‘What would you do for $1m? I was willing to die’: Brendan Loughnane on life-changing title win

Brendan Loughnane celebrates winning the PFL featherweight title and $1m in New York (Cooper Neill / PFL)
Brendan Loughnane celebrates winning the PFL featherweight title and $1m in New York (Cooper Neill / PFL)

“When we were in primary school, we all used to say, ‘What would you do for $1m?’” Brendan Loughnane reflects, three weeks after his PFL championship bout with Bubba Jenkins in New York City. “I took that mentality into the fight. For $1m, I was willing to die.”

Never again will Loughnane have to ask himself that question; not in a dark bedroom before falling asleep at night, not in a moment of exhaustion-induced existentialism in between gruelling training sessions, nor in the mental desolation that follows a defeat.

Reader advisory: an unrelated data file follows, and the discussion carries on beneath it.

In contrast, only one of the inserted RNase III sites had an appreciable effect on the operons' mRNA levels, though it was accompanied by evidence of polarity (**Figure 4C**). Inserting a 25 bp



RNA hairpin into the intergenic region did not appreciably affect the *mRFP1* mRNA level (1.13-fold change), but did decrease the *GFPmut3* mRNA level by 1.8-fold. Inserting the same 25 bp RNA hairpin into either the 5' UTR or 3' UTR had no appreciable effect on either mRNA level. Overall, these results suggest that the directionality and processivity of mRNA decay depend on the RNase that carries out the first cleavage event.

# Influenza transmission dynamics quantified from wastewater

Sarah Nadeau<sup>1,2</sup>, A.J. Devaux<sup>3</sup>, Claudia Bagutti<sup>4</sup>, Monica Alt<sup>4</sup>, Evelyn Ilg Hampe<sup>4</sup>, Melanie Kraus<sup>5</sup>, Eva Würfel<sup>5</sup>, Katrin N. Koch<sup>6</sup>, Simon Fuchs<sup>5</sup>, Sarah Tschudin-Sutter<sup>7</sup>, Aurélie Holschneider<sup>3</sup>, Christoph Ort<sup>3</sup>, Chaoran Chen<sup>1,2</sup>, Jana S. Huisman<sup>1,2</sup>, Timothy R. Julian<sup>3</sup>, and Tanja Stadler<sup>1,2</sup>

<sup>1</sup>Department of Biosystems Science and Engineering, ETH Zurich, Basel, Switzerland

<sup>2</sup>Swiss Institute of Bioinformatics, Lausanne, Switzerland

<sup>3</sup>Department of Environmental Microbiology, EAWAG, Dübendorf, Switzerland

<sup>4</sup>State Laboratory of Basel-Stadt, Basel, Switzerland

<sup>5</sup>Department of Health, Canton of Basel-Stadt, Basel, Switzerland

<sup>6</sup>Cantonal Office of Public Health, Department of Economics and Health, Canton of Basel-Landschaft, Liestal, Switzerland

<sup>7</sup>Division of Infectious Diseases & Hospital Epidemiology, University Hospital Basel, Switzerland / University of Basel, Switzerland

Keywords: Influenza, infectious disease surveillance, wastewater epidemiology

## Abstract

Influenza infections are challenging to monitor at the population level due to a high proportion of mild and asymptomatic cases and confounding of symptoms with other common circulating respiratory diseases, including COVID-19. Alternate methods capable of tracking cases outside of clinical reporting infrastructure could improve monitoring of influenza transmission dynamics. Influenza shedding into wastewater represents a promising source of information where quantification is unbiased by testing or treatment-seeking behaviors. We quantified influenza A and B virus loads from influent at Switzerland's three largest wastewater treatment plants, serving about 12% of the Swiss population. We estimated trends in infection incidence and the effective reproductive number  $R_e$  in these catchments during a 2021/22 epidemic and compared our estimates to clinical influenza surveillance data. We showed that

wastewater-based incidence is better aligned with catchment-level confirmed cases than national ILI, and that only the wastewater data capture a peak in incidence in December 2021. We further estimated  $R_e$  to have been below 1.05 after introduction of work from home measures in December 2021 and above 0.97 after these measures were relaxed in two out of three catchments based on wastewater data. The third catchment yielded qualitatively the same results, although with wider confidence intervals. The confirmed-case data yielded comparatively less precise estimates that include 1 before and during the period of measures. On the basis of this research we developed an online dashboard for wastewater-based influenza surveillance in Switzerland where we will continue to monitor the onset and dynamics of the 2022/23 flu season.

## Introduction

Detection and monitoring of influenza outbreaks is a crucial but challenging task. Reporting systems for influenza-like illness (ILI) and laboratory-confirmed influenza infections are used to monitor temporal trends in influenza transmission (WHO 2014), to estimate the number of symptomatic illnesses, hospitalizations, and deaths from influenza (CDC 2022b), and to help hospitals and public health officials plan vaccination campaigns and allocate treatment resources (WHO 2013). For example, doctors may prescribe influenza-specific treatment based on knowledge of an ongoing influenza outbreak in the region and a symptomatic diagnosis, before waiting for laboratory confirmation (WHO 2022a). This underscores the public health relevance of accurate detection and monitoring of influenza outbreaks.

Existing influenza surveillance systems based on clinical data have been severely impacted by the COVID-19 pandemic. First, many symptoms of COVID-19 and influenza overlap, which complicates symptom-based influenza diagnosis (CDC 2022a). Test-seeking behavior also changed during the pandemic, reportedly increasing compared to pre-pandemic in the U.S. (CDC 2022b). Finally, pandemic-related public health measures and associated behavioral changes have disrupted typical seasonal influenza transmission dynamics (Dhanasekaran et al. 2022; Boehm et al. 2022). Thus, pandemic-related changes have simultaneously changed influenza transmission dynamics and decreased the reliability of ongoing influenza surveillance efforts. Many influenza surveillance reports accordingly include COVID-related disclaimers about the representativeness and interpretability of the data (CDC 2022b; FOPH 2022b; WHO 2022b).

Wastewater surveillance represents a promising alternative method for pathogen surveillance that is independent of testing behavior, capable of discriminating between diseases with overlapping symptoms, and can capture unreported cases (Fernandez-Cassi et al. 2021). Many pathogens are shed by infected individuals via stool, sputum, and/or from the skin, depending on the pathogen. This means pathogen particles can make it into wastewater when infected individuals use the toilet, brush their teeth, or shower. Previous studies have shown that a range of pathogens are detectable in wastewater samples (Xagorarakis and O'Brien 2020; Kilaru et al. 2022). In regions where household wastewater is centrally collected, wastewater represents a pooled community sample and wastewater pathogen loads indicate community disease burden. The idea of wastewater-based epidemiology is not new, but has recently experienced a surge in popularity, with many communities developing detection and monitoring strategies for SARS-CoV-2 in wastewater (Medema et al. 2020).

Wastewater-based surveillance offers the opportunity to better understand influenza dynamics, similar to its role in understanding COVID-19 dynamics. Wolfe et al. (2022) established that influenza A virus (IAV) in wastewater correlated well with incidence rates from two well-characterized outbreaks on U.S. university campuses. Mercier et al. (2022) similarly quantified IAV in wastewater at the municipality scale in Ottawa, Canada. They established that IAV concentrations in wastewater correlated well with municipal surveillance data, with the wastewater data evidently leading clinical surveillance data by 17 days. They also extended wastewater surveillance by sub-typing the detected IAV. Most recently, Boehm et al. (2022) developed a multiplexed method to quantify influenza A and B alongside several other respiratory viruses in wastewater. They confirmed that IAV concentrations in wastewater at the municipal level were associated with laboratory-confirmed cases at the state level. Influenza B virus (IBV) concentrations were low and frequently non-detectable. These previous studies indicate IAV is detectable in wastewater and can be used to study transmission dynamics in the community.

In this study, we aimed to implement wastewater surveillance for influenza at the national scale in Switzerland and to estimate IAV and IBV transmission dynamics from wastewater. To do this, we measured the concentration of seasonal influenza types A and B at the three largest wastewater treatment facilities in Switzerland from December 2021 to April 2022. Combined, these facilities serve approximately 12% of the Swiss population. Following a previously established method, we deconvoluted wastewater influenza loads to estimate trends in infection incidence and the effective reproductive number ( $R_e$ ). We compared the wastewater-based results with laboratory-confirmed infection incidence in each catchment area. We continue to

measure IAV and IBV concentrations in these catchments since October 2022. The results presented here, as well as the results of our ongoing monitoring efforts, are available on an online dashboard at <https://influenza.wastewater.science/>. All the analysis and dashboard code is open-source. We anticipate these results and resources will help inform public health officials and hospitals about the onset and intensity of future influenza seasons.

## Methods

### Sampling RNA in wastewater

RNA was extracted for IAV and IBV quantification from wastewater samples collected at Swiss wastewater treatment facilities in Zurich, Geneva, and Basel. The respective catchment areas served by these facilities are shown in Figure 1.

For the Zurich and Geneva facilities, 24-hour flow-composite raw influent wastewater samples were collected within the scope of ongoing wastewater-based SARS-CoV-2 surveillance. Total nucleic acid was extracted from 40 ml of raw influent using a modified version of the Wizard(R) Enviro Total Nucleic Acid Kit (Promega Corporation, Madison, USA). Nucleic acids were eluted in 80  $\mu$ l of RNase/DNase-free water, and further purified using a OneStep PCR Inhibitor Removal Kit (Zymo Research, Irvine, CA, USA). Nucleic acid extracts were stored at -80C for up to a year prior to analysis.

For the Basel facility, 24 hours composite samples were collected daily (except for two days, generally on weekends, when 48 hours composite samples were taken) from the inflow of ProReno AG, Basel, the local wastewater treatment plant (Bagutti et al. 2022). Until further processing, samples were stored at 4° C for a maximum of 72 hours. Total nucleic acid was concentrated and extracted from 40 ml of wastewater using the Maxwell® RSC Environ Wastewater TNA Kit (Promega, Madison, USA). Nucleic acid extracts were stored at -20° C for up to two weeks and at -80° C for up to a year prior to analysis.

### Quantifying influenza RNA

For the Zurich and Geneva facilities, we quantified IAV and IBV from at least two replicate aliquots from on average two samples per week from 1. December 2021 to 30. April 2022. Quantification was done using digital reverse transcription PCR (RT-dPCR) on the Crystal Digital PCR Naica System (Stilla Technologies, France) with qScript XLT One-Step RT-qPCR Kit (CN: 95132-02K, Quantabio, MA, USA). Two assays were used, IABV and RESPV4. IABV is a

Perhaps a young Loughnane would have been willing to eat his least favourite meal for a month, or go without sleep for a week, or take a punch square in the face. The latter would be the most relevant to Loughnane’s eventual reality, of course, though the Mancunian has in fact absorbed thousands of punches over a decade-and-a-half. They have all been part of a venture to claim not only the sort of money that he earned three weeks ago, or a title belt to go with it, but the right to call himself the best in the world.

Loughnane stopped Jenkins via TKO in the fourth round (Cooper Neill/PFL)
Loughnane stopped Jenkins via TKO in the fourth round (Cooper Neill/PFL)